Dior collaborated with various African artists for the cruise 2020 collection

Maria Grazia Chiuri this evening presented the Dior cruise 2020 collection in Marrakech, the theme of which was “common ground” – a celebration of different cultures coming together to co-create and find common ground.

Rather than simply being inspired by the continent of Africa as a whole, the designer invited artists and artisans from different backgrounds and African cultures to work jointly with her to open a dialogue between them.

Maria Grazia Chiuri has always had her heart set on establishing creative exchanges with African cultures,” Dior explained in a press release. “With this collection, she sought to dialogue with the real and imagined landscape of Morocco, at the crossroads of the Mediterranean, Europe and Africa, as a dream destination for artists, poets, writers and eternal adventurers.

Lupita Nyong’o in photo courtesy Stephane Cardinale – Corbis – Getty Images

The show drew in the likes of Lupita Nyong’o, Jessica Alba and Karlie Kloss, who journeyed to the city’s 16th century El Badi Palace to take in the new Dior collection.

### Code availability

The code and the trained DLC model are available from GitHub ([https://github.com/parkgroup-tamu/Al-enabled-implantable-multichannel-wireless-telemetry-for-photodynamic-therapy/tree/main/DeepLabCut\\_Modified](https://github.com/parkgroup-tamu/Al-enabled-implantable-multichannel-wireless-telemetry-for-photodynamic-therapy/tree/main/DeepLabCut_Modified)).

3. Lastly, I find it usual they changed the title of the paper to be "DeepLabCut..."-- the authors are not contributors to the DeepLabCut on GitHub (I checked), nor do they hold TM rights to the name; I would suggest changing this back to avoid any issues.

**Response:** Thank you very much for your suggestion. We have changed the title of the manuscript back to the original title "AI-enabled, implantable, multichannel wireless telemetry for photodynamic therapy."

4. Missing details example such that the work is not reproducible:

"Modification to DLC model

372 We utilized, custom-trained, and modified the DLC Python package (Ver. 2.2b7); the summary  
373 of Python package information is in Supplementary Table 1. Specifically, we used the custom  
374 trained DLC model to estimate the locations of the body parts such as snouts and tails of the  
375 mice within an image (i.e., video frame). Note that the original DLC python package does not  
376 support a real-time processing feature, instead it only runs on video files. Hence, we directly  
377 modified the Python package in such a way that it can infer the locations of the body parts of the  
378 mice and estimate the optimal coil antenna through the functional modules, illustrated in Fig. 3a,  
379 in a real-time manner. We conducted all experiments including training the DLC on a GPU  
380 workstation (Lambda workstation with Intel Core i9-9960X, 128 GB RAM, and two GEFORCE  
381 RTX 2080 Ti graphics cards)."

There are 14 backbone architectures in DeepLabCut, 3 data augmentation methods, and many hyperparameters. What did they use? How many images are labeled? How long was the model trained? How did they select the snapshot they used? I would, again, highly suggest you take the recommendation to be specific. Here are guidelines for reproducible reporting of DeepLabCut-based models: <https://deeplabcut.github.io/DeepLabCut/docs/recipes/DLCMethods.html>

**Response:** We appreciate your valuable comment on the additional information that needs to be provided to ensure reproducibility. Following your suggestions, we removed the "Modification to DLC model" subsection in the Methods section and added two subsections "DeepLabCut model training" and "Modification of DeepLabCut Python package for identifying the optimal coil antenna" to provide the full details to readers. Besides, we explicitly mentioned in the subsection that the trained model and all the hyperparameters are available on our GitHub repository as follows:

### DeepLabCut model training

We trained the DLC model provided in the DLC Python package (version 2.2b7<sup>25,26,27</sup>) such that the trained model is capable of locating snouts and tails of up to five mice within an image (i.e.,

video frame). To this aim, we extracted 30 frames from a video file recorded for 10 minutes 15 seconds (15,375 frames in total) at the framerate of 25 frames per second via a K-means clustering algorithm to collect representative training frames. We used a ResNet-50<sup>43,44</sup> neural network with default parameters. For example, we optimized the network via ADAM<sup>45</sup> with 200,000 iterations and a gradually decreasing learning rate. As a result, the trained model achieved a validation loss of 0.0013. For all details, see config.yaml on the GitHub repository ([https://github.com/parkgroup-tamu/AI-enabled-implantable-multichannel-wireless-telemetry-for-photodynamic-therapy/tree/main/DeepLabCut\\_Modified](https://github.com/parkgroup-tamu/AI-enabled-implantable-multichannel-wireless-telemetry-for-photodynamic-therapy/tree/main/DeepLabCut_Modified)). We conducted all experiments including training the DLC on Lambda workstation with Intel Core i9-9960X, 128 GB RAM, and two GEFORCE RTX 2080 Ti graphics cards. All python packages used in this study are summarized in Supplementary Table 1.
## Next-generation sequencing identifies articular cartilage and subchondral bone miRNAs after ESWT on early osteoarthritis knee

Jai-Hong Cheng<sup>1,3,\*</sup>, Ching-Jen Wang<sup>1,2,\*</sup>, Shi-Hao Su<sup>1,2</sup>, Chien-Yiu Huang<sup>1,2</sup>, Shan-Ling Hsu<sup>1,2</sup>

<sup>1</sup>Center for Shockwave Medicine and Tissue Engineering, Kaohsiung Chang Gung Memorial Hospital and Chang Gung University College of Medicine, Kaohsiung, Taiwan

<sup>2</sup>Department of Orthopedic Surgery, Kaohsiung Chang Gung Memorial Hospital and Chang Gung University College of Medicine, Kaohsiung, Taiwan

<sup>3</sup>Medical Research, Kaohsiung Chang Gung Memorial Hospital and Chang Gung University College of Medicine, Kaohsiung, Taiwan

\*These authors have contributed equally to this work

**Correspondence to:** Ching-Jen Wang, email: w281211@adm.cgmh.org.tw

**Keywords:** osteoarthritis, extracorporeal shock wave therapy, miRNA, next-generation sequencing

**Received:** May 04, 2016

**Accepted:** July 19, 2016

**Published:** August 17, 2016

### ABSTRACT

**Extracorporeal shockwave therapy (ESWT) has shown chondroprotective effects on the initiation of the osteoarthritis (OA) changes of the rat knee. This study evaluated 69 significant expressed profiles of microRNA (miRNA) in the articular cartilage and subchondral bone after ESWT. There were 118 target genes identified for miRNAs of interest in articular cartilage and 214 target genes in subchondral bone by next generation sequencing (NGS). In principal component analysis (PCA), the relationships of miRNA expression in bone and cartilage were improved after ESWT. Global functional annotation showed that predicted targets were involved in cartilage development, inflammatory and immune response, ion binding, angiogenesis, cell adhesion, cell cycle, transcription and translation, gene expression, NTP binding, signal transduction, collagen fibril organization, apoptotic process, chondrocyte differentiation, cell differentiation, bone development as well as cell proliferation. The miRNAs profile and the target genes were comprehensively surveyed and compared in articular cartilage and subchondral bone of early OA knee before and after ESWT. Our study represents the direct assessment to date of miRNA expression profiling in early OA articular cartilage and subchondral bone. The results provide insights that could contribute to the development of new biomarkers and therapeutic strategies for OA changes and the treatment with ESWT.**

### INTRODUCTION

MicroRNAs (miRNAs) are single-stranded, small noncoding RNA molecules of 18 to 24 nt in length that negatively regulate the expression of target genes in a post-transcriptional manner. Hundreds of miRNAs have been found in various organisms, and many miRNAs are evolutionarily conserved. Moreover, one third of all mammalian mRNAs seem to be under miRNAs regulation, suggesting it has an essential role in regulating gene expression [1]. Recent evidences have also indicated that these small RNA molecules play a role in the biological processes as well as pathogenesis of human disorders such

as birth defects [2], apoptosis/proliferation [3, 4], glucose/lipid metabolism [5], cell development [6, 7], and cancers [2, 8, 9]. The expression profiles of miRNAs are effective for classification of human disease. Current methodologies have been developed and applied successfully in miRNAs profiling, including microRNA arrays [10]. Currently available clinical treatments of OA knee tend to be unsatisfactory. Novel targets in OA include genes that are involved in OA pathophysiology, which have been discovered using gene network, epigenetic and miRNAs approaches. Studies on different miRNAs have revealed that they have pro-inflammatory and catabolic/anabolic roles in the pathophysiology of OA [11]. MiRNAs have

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As well as nodding to Dior’s rich history with the continent, including the house’s former creative director Yves Saint Laurent’s fascination with Morocco, the collection sees the direct work of multiple artists from the continent.

Grazia Chiuri asked Pathé Ouédraogo – aka Pathé’O, one of Africa’s leading designers – to create a special shirt for the collection, which pays tribute to the late president of South Africa, Nelson Mandela. 

She also collaborated with Grace Wales Bonner (a British-Jamaican designer whose work has explored African cultures) and Mickalene Thomas (an African-American artist), asking them to reinterpret through their combined creative vision an icon of the New Look, the Bar jacket and a skirt.

Grazia Chiuri also worked with many other African textile specialists and anthropologists on the collection and also highlighted the work of a textile manufacturer based in Africa called Uniwax, which perpetuates the extraordinary savoir-faire that makes wax a precious and culturally rich fabric.

The designer also teamed up with Sumano, an association that aims to revive the traditional women’s crafts of Moroccan tribes, including painting on pottery, the art of weaving and vegetal dyeing.

Source: Amy de Klerk/Bazaar

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